Jessie Belmonte, was only 25 when she crashed and sustained fatal neck injuries between junction 14 and 15 of the northbound carriageway of the motorway, at around 12.30am on July 31, last year.
An inquest at Northampton General Hospital yesterday heard how the Transit van she was driving collided with the back of a stationary lorry at just over 80 mph, sustaining a “colossal impact”.
However, the inquest could not give a definitive reason as to how Miss Belmonte did not see the stationary truck ahead of her.
In a statement her mother, Juli Hewins called for the Highways Agency to review the barriers it uses in the lengthy 50mph roadwork stretches seen up and down the country, as she said they could have created a “tunnel effect,” which affected her daughter’s concentration at the time.
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She said: “It is so easy to be lulled to sleep by those barriers.
“Could something be done to change the layout of those barriers, especially when there is no one working on them and the roadworks stretch for miles?”
Coroner Hassan Shah could not conclude that Miss Belmonte had fallen asleep at the wheel, but having had a long day at work and having met friends earlier that evening he said it was “entirely possible Jessie had been tired.”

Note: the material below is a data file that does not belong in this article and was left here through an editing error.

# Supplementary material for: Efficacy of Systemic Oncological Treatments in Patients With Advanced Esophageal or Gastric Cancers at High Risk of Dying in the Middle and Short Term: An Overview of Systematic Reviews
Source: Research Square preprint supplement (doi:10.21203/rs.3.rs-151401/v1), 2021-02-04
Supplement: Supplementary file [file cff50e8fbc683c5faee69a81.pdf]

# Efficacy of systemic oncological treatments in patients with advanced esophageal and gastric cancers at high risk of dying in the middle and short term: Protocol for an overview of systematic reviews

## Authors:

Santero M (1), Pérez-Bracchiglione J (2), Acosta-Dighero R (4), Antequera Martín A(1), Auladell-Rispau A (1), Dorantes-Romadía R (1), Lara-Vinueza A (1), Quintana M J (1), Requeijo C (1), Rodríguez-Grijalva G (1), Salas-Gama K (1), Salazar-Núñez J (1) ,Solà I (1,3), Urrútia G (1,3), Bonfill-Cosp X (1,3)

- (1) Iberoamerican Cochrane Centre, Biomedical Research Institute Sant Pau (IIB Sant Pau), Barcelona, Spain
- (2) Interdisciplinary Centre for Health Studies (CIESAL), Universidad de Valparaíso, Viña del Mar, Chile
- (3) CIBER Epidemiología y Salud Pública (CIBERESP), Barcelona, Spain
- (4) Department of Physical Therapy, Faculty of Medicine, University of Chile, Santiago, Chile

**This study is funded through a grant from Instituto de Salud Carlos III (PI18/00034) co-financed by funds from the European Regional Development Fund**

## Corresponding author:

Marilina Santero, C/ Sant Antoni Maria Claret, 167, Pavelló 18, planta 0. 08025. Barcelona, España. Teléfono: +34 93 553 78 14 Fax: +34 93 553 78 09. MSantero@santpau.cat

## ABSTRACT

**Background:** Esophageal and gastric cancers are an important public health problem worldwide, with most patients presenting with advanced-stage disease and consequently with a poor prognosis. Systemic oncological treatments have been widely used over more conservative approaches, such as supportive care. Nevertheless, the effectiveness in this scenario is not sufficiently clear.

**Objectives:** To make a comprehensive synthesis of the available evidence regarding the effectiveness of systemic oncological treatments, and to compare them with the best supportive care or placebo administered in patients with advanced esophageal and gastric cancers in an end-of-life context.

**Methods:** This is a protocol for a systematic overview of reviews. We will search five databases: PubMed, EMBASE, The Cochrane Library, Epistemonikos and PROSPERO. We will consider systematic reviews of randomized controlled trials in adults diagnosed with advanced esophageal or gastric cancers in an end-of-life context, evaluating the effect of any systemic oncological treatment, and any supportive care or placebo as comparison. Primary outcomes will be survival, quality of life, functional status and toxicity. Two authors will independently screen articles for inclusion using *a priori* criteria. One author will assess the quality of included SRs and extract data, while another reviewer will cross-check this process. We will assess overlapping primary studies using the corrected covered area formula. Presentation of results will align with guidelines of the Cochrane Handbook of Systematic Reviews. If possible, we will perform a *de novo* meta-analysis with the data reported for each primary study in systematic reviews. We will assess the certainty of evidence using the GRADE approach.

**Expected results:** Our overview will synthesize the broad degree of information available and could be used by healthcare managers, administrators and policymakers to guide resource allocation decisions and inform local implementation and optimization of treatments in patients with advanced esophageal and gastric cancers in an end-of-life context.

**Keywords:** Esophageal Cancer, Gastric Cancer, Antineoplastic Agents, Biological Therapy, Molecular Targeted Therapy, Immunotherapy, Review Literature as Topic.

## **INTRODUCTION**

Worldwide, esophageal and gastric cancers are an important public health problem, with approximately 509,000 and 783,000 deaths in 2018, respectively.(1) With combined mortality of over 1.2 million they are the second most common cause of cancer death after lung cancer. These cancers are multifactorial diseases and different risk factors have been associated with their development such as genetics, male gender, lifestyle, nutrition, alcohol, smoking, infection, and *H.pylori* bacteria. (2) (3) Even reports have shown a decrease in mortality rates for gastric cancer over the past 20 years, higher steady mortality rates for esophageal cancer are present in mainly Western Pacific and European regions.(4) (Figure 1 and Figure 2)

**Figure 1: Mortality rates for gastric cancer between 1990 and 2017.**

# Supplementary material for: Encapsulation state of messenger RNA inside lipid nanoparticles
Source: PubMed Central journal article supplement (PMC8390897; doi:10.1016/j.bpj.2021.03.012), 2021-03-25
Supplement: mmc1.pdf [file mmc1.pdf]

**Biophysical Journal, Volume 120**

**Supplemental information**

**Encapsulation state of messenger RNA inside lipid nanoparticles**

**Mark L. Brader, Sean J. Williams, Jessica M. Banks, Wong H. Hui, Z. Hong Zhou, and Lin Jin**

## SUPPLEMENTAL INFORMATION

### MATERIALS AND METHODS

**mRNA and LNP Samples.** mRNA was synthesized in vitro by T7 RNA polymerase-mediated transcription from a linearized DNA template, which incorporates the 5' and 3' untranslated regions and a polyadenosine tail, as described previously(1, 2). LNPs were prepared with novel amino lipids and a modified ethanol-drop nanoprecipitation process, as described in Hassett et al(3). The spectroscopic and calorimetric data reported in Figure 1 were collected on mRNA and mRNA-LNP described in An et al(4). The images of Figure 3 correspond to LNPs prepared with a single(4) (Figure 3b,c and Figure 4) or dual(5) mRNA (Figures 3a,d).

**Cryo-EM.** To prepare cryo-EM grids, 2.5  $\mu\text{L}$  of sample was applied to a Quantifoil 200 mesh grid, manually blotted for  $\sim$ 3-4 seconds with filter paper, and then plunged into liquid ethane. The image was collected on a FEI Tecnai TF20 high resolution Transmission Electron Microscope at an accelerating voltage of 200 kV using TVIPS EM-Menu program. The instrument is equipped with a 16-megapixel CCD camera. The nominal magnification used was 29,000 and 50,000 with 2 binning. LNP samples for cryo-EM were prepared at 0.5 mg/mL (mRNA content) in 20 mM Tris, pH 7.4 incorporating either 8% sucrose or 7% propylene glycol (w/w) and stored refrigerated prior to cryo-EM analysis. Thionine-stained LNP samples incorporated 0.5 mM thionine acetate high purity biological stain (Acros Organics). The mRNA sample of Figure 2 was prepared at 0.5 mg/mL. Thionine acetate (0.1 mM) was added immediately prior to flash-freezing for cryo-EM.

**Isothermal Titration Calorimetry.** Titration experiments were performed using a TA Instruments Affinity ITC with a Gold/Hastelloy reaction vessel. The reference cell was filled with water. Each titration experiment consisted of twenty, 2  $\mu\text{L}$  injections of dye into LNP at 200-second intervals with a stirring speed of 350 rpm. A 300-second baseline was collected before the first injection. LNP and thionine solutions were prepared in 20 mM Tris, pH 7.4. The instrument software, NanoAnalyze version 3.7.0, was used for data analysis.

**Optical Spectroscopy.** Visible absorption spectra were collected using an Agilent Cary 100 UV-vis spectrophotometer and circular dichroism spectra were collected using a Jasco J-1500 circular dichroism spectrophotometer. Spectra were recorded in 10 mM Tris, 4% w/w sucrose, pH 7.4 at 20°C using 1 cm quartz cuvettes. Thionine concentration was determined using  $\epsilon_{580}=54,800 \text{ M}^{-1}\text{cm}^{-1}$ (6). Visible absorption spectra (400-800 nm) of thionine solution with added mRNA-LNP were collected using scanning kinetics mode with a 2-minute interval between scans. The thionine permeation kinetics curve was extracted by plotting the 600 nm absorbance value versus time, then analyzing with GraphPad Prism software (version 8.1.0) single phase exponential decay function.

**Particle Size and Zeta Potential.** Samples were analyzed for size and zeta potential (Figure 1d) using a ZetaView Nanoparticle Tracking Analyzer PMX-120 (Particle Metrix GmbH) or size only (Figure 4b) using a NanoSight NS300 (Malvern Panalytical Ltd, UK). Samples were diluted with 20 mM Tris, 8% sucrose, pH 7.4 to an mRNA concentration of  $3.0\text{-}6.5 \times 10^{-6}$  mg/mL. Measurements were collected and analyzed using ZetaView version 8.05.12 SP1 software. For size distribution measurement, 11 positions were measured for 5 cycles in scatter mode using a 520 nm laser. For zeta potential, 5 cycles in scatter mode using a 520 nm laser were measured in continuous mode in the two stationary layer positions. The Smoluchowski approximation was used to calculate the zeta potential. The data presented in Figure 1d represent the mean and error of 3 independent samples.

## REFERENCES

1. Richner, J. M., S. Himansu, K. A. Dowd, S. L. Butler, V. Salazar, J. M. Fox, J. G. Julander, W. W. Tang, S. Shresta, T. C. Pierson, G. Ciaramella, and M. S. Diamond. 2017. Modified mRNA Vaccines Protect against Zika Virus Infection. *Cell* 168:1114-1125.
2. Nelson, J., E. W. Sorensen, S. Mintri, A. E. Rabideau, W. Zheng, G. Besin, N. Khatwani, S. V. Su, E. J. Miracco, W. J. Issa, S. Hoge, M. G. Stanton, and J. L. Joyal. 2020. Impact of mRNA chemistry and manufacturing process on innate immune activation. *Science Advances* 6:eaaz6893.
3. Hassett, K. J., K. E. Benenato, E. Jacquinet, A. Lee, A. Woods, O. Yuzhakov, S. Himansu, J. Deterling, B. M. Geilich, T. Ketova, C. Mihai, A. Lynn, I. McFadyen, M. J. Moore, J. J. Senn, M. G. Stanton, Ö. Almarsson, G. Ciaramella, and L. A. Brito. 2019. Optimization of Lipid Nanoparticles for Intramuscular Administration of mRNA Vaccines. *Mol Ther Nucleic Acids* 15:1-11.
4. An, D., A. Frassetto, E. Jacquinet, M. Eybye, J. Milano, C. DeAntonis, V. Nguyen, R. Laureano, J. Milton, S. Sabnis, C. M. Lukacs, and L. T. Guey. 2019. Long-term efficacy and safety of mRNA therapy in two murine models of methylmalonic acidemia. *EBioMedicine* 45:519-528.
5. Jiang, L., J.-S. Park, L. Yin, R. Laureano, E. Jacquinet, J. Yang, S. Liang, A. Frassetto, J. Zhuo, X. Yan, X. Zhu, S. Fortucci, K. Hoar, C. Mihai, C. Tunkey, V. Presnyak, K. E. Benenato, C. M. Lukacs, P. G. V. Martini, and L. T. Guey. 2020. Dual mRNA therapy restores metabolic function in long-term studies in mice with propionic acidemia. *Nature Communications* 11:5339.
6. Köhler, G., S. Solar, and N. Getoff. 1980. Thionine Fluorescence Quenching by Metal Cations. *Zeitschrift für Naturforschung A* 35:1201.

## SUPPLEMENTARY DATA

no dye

Collision investigator PC Brian Johnson, was also satisfied that the lorry in front of Miss Belmonte had not braked suddenly.
It is possible Miss Belmonte would have been 700 metres away when the hazard lights were first put on, he told the inquest.
Although Miss Belmonte had bee to the pub with friends earlier, a toxicity report confirmed that she had no alcohol in her system, and statement provided from her boss stated the 25-year-old had only drunk lemonade at the pub near her place of work in Lee.
PC Johnson said the speedometer of the van had been “frozen” at just over 80 mph on impact and said there were no “brake marks” leading up to the back of the lorry.
He added that it was unlikely Miss Belmonte had fallen asleep as before the collision she had navigated a slight turn in the road.
“The monotony of driving on a motorway can make you sleepy,” he said.
Mrs Hewins described her daughter as the most “wonderful human being.”
“She always had a big beautiful smile on her face and the most contagious giggle,” she added.
Miss Belmonte, from Willoughby in Warwickshire, worked as a kayak instructor at Lee Valley White Water Centre in Hertfordshire. She had been due to go on a training exercise in Austria the following day after her accident.
Following a brief respite, the Highways Agency is soon set to re-install the 50mph limit between junctions 16 and 19 of the M1 to turn the stretch into a “smart motorway.”